Reuben (b. Reuben Wu, Liverpool, 1975) received his first camera for Christmas when his dad secretly exchanged a toy gun from someone else for an Agfamatic 110. With a brief purely-digital-period in his twenties, he has been shooting with film and old manual cameras since.
He even inherited a Leica M from his grandfather, a Hong Kong based cinematographer. “It was unlike anything I had seen before, and I still shoot with it to this day.”
“I studied Product Design in Sheffield, UK and went on to practise as a designer for about 4 years. After a short time, my band (Ladytron) became successful enough for all of us to go full time with music, and I left Design to embark on our first ever North American tour. A real baptism of fire. I still love design and on my travels I occasionally come across things I created years ago.”
In the past, a lot of Reuben’s photography projects have been documentation of places he has visited while on DJ gigs and his band world tours but these didn’t quite allow time to delve into explorations. “Method only worked in places where there was a healthy audience for cinematic electro pop, and a tiny frozen island in the Arctic Ocean probably wasn’t ever going to be on the tour path,” he says.
The extreme environments have been appealing to Reuben increasingly. He plans to continue documenting and publishing books on them rather than places he visits as a touring musician – “It definitely feels more meaningful to me as a photographer and as a human being to find and observe these marginalized zones.”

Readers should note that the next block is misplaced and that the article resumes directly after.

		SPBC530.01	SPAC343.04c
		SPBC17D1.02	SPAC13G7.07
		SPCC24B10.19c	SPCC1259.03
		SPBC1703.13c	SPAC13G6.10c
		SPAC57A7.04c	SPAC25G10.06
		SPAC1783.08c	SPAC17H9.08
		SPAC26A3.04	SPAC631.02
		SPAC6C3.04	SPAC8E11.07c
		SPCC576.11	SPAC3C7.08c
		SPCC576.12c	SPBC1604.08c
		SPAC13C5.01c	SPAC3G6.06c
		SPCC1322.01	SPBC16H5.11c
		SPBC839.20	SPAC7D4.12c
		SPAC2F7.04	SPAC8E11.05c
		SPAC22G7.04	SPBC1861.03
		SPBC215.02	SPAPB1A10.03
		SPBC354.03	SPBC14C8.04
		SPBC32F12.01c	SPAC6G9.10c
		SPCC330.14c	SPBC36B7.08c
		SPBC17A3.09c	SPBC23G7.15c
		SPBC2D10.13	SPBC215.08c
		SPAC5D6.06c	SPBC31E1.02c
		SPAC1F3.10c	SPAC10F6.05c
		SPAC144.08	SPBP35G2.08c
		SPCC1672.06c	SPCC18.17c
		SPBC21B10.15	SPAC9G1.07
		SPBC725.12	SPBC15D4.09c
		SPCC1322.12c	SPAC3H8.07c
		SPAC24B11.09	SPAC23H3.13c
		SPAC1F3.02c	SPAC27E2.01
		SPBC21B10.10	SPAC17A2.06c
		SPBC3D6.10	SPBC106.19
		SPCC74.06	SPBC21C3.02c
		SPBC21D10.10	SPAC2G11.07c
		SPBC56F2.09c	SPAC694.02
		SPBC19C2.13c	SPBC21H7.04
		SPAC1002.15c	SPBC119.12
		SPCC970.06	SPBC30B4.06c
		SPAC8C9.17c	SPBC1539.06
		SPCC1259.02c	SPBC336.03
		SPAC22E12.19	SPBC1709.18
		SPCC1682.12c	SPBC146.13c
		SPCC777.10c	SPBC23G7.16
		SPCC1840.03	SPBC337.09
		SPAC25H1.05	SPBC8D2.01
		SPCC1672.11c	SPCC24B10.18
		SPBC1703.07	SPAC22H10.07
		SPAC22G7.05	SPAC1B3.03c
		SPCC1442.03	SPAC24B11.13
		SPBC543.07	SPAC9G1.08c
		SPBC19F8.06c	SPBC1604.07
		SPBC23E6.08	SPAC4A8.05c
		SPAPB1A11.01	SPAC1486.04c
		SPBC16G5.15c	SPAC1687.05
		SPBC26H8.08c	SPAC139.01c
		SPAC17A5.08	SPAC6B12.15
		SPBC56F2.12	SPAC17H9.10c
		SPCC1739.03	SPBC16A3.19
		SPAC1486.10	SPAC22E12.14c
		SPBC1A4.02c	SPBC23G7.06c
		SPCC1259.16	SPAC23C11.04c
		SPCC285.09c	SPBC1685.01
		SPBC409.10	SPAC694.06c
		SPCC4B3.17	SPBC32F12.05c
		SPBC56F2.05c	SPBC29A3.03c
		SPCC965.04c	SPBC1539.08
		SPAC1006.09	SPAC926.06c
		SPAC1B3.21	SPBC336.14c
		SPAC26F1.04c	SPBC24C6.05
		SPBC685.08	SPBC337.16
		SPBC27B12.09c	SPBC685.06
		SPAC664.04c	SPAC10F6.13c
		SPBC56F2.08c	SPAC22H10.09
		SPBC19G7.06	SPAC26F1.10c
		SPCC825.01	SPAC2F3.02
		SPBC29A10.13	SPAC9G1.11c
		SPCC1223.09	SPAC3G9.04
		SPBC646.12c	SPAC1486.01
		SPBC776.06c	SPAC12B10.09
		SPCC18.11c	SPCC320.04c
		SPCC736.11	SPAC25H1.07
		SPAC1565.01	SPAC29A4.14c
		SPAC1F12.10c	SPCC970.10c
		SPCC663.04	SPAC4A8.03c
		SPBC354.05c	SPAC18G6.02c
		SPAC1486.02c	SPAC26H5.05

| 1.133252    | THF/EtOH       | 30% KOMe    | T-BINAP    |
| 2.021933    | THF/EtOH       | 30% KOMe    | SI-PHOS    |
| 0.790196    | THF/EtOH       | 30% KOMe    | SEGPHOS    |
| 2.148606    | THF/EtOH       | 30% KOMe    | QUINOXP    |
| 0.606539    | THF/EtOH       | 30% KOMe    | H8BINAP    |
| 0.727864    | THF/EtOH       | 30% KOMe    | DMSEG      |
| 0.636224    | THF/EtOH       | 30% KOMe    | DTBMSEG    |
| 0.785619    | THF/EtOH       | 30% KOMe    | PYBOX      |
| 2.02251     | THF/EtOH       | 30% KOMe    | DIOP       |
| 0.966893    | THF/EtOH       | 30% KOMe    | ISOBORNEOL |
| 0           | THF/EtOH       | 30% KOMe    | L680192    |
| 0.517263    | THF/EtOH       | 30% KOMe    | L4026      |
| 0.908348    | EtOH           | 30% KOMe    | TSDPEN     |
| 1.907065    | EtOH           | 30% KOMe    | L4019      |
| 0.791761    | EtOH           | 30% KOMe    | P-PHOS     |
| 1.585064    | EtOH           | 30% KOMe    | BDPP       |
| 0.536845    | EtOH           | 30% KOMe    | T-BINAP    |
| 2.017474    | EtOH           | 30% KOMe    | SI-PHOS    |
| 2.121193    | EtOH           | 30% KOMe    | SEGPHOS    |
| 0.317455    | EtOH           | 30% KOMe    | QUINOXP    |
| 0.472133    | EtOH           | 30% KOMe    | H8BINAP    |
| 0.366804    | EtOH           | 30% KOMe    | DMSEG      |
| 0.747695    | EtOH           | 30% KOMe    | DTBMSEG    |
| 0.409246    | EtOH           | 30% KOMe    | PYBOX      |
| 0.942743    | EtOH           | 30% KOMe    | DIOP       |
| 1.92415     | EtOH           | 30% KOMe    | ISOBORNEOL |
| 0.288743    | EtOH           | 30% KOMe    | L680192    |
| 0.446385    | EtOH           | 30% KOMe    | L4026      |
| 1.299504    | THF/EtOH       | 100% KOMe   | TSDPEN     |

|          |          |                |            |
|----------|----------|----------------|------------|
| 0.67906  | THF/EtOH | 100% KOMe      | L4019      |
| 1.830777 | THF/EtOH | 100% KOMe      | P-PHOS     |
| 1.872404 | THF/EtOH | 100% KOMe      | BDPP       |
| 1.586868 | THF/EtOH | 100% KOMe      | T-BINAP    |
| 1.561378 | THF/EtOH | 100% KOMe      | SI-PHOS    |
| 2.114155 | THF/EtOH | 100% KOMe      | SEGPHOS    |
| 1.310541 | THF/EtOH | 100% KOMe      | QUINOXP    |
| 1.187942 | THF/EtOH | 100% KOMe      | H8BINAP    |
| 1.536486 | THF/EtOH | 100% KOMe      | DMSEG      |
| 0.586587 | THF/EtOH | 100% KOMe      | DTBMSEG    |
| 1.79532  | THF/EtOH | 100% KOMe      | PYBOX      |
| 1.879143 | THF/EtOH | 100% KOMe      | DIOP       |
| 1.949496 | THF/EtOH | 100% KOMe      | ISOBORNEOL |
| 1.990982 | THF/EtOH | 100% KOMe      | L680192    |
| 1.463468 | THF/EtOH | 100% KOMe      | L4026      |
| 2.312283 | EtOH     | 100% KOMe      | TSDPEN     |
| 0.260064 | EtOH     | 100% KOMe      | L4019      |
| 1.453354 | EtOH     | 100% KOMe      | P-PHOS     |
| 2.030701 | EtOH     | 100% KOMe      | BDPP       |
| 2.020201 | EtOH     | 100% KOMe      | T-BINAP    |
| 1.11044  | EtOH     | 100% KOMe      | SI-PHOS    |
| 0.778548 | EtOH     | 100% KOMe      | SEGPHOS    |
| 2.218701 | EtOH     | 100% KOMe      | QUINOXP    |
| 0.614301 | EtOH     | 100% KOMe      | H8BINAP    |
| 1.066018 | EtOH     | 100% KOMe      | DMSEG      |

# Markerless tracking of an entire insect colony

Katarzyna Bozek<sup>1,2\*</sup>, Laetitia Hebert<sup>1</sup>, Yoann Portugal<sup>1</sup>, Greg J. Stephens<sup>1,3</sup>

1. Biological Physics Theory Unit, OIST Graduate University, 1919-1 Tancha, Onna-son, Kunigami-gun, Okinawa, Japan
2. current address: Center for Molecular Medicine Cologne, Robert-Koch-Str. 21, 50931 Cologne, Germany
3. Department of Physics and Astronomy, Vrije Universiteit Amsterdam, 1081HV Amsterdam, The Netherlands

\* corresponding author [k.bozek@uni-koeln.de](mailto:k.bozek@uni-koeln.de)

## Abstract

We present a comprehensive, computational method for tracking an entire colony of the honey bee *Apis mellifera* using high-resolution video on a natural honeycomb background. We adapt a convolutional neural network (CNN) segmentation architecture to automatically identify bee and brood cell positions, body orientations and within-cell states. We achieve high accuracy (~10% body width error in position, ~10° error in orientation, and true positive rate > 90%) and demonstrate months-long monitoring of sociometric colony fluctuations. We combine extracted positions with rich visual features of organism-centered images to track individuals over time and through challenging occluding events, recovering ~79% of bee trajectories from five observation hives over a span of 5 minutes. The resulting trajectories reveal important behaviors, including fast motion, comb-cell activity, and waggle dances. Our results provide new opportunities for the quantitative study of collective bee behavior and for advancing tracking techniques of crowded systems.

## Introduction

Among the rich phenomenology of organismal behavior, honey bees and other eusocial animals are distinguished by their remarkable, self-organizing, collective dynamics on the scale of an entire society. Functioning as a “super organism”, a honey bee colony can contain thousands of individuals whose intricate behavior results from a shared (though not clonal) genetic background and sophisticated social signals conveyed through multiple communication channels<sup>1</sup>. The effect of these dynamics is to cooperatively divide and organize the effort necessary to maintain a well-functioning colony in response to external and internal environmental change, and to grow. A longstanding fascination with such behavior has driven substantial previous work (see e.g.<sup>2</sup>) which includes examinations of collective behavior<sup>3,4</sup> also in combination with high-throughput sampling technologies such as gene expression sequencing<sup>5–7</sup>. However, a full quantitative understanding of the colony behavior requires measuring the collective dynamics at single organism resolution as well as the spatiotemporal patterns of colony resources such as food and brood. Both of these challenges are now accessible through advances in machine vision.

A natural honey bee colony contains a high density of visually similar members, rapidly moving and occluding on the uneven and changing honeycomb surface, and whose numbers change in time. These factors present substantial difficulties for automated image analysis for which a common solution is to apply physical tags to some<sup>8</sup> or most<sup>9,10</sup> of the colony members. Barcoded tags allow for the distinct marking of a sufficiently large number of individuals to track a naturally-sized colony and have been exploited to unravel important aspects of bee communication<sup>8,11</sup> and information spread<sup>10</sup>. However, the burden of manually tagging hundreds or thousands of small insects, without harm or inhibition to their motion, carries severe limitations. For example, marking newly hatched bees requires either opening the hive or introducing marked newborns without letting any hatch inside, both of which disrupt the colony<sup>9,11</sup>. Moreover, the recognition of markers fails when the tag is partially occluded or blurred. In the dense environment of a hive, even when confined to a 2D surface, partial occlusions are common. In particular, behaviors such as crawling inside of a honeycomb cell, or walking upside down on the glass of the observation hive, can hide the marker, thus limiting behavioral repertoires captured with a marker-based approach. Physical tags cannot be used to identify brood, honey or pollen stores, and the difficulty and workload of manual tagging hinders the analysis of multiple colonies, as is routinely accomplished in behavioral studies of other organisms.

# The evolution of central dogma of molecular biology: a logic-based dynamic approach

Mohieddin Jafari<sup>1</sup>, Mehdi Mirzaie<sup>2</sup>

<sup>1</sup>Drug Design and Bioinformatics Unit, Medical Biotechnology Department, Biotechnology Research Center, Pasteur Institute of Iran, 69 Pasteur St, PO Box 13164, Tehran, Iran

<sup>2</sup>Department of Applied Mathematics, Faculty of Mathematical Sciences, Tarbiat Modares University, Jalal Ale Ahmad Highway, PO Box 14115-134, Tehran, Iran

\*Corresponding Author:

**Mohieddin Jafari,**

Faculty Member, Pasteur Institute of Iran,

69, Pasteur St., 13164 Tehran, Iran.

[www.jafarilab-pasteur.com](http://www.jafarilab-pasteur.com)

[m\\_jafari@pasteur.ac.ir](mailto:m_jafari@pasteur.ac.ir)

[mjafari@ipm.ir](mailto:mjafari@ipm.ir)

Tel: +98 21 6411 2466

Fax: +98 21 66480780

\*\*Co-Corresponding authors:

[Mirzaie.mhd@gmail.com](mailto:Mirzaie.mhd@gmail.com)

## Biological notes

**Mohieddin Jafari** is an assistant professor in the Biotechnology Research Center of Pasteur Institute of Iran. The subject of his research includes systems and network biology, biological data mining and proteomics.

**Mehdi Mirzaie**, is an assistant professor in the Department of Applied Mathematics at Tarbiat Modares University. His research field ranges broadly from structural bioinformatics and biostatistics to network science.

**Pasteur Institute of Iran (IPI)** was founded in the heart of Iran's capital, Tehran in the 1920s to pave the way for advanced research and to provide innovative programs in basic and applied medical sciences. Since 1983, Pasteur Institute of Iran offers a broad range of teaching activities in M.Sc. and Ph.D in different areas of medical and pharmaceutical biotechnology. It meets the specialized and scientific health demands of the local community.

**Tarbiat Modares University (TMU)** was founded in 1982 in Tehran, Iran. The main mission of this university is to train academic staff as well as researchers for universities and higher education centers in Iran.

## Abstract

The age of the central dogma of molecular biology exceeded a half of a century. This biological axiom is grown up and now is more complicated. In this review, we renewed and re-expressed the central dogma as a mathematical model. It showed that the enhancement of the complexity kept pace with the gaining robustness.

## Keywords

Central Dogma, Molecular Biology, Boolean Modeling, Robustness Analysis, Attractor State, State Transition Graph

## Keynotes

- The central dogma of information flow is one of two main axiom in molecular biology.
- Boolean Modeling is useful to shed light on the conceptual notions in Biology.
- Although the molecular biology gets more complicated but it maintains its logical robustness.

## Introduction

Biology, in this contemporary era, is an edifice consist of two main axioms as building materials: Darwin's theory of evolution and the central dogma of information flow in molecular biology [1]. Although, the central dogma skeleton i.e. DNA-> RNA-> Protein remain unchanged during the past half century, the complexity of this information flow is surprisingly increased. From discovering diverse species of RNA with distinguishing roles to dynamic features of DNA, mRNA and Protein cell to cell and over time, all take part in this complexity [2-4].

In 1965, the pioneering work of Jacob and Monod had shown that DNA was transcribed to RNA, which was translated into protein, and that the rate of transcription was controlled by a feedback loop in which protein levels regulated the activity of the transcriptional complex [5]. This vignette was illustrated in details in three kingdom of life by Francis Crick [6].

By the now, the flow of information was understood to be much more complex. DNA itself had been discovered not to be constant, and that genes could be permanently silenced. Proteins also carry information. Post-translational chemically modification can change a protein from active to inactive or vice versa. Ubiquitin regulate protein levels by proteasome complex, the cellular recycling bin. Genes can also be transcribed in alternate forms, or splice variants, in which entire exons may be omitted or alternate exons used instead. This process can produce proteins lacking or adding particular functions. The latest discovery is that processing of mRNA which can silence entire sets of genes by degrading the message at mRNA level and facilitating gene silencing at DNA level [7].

To name a few, Reuben has worked with Mich Dulce, James Zabiela, Seaming and Tim Andrews. And he also has been featured in Pin-up Magazine, Island Review, Too Much Magazine, V&M Photography, ISO50, Saccades Project, Impose Magazine, Escape Into Life, Clash Magazine, Art Sponge, and many more.
He also had nailed an honorable mention in Photography Book Now Competition – and his book “Svalbard”, that features about 60 photographs from the week he spent on an island not far from the North Pole, is published in March 2011.
If you have a “mission” you think would be perfect for Reuben, email us.
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